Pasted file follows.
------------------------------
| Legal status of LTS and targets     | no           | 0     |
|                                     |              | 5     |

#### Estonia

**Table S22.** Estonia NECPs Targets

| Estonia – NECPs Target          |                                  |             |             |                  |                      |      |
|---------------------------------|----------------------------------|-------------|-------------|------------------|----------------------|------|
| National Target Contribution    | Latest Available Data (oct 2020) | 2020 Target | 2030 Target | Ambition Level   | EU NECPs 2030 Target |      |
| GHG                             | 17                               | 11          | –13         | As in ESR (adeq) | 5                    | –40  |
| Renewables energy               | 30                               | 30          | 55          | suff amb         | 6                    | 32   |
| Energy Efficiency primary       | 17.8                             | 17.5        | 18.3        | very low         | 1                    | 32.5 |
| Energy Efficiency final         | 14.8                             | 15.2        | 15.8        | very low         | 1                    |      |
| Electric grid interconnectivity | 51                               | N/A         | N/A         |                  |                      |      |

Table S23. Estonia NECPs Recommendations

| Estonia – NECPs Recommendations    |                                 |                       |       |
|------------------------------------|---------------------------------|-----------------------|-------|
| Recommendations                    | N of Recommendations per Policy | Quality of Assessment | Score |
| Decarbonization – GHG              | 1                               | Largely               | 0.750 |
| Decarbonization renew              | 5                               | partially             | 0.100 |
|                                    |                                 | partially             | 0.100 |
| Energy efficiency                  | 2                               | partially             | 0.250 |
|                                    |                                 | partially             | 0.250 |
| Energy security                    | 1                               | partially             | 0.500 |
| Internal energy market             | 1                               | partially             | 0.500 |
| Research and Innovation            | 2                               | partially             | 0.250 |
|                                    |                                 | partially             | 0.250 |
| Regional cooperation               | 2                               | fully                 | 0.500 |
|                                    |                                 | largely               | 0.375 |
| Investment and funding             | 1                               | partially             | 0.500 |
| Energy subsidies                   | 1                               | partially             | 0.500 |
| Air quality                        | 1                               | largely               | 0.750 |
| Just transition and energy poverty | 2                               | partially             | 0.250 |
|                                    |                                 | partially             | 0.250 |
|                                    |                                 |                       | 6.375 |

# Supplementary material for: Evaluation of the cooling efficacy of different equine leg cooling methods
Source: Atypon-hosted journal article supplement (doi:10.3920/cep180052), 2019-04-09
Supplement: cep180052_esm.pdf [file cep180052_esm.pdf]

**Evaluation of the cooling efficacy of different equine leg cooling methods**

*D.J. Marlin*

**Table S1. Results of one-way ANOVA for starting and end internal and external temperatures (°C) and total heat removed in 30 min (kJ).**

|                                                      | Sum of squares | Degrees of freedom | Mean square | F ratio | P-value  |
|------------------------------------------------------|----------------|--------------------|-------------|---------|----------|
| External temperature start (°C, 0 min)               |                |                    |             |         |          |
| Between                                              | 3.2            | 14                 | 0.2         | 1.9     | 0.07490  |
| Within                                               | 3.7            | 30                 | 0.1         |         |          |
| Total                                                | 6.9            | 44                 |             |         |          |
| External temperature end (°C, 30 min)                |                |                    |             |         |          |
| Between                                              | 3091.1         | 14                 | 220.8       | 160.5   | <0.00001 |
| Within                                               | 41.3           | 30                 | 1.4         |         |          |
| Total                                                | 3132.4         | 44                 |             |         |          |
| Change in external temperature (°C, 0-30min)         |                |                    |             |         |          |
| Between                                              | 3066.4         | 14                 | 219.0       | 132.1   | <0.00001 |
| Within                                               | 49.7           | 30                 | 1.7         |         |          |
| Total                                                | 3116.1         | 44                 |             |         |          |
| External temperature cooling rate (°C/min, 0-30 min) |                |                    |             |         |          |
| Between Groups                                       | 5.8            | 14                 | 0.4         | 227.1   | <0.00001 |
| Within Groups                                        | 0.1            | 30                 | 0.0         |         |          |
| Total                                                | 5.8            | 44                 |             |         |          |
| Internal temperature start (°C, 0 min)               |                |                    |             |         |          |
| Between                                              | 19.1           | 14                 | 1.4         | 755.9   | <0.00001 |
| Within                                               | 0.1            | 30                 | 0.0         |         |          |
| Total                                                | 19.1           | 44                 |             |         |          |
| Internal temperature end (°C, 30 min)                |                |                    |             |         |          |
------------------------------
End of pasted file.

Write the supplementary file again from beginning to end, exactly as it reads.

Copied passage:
| Legal status of LTS and targets     | no           | 0     |
|                                     |              | 5     |

#### Estonia

**Table S22.** Estonia NECPs Targets

| Estonia – NECPs Target          |                                  |             |             |                  |                      |      |
|---------------------------------|----------------------------------|-------------|-------------|------------------|----------------------|------|
| National Target Contribution    | Latest Available Data (oct 2020) | 2020 Target | 2030 Target | Ambition Level   | EU NECPs 2030 Target |      |
| GHG                             | 17                               | 11          | –13         | As in ESR (adeq) | 5                    | –40  |
| Renewables energy               | 30                               | 30          | 55          | suff amb         | 6                    | 32   |
| Energy Efficiency primary       | 17.8                             | 17.5        | 18.3        | very low         | 1                    | 32.5 |
| Energy Efficiency final         | 14.8                             | 15.2        | 15.8        | very low         | 1                    |      |
| Electric grid interconnectivity | 51                               | N/A         | N/A         |                  |                      |      |

Table S23. Estonia NECPs Recommendations

| Estonia – NECPs Recommendations    |                                 |                       |       |
|------------------------------------|---------------------------------|-----------------------|-------|
| Recommendations                    | N of Recommendations per Policy | Quality of Assessment | Score |
| Decarbonization – GHG              | 1                               | Largely               | 0.750 |
| Decarbonization renew              | 5                               | partially             | 0.100 |
|                                    |                                 | partially             | 0.100 |
| Energy efficiency                  | 2                               | partially             | 0.250 |
|                                    |                                 | partially             | 0.250 |
| Energy security                    | 1                               | partially             | 0.500 |
| Internal energy market             | 1                               | partially             | 0.500 |
| Research and Innovation            | 2                               | partially             | 0.250 |
|                                    |                                 | partially             | 0.250 |
| Regional cooperation               | 2                               | fully                 | 0.500 |
|                                    |                                 | largely               | 0.375 |
| Investment and funding             | 1                               | partially             | 0.500 |
| Energy subsidies                   | 1                               | partially             | 0.500 |
| Air quality                        | 1                               | largely               | 0.750 |
| Just transition and energy poverty | 2                               | partially             | 0.250 |
|                                    |                                 | partially             | 0.250 |
|                                    |                                 |                       | 6.375 |

# Supplementary material for: Evaluation of the cooling efficacy of different equine leg cooling methods
Source: Atypon-hosted journal article supplement (doi:10.3920/cep180052), 2019-04-09
Supplement: cep180052_esm.pdf [file cep180052_esm.pdf]

**Evaluation of the cooling efficacy of different equine leg cooling methods**

*D.J. Marlin*

**Table S1. Results of one-way ANOVA for starting and end internal and external temperatures (°C) and total heat removed in 30 min (kJ).**

|                                                      | Sum of squares | Degrees of freedom | Mean square | F ratio | P-value  |
|------------------------------------------------------|----------------|--------------------|-------------|---------|----------|
| External temperature start (°C, 0 min)               |                |                    |             |         |          |
| Between                                              | 3.2            | 14                 | 0.2         | 1.9     | 0.07490  |
| Within                                               | 3.7            | 30                 | 0.1         |         |          |
| Total                                                | 6.9            | 44                 |             |         |          |
| External temperature end (°C, 30 min)                |                |                    |             |         |          |
| Between                                              | 3091.1         | 14                 | 220.8       | 160.5   | <0.00001 |
| Within                                               | 41.3           | 30                 | 1.4         |         |          |
| Total                                                | 3132.4         | 44                 |             |         |          |
| Change in external temperature (°C, 0-30min)         |                |                    |             |         |          |
| Between                                              | 3066.4         | 14                 | 219.0       | 132.1   | <0.00001 |
| Within                                               | 49.7           | 30                 | 1.7         |         |          |
| Total                                                | 3116.1         | 44                 |             |         |          |
| External temperature cooling rate (°C/min, 0-30 min) |                |                    |             |         |          |
| Between Groups                                       | 5.8            | 14                 | 0.4         | 227.1   | <0.00001 |
| Within Groups                                        | 0.1            | 30                 | 0.0         |         |          |
| Total                                                | 5.8            | 44                 |             |         |          |
| Internal temperature start (°C, 0 min)               |                |                    |             |         |          |
| Between                                              | 19.1           | 14                 | 1.4         | 755.9   | <0.00001 |
| Within                                               | 0.1            | 30                 | 0.0         |         |          |
| Total                                                | 19.1           | 44                 |             |         |          |
| Internal temperature end (°C, 30 min)                |                |                    |             |         |          |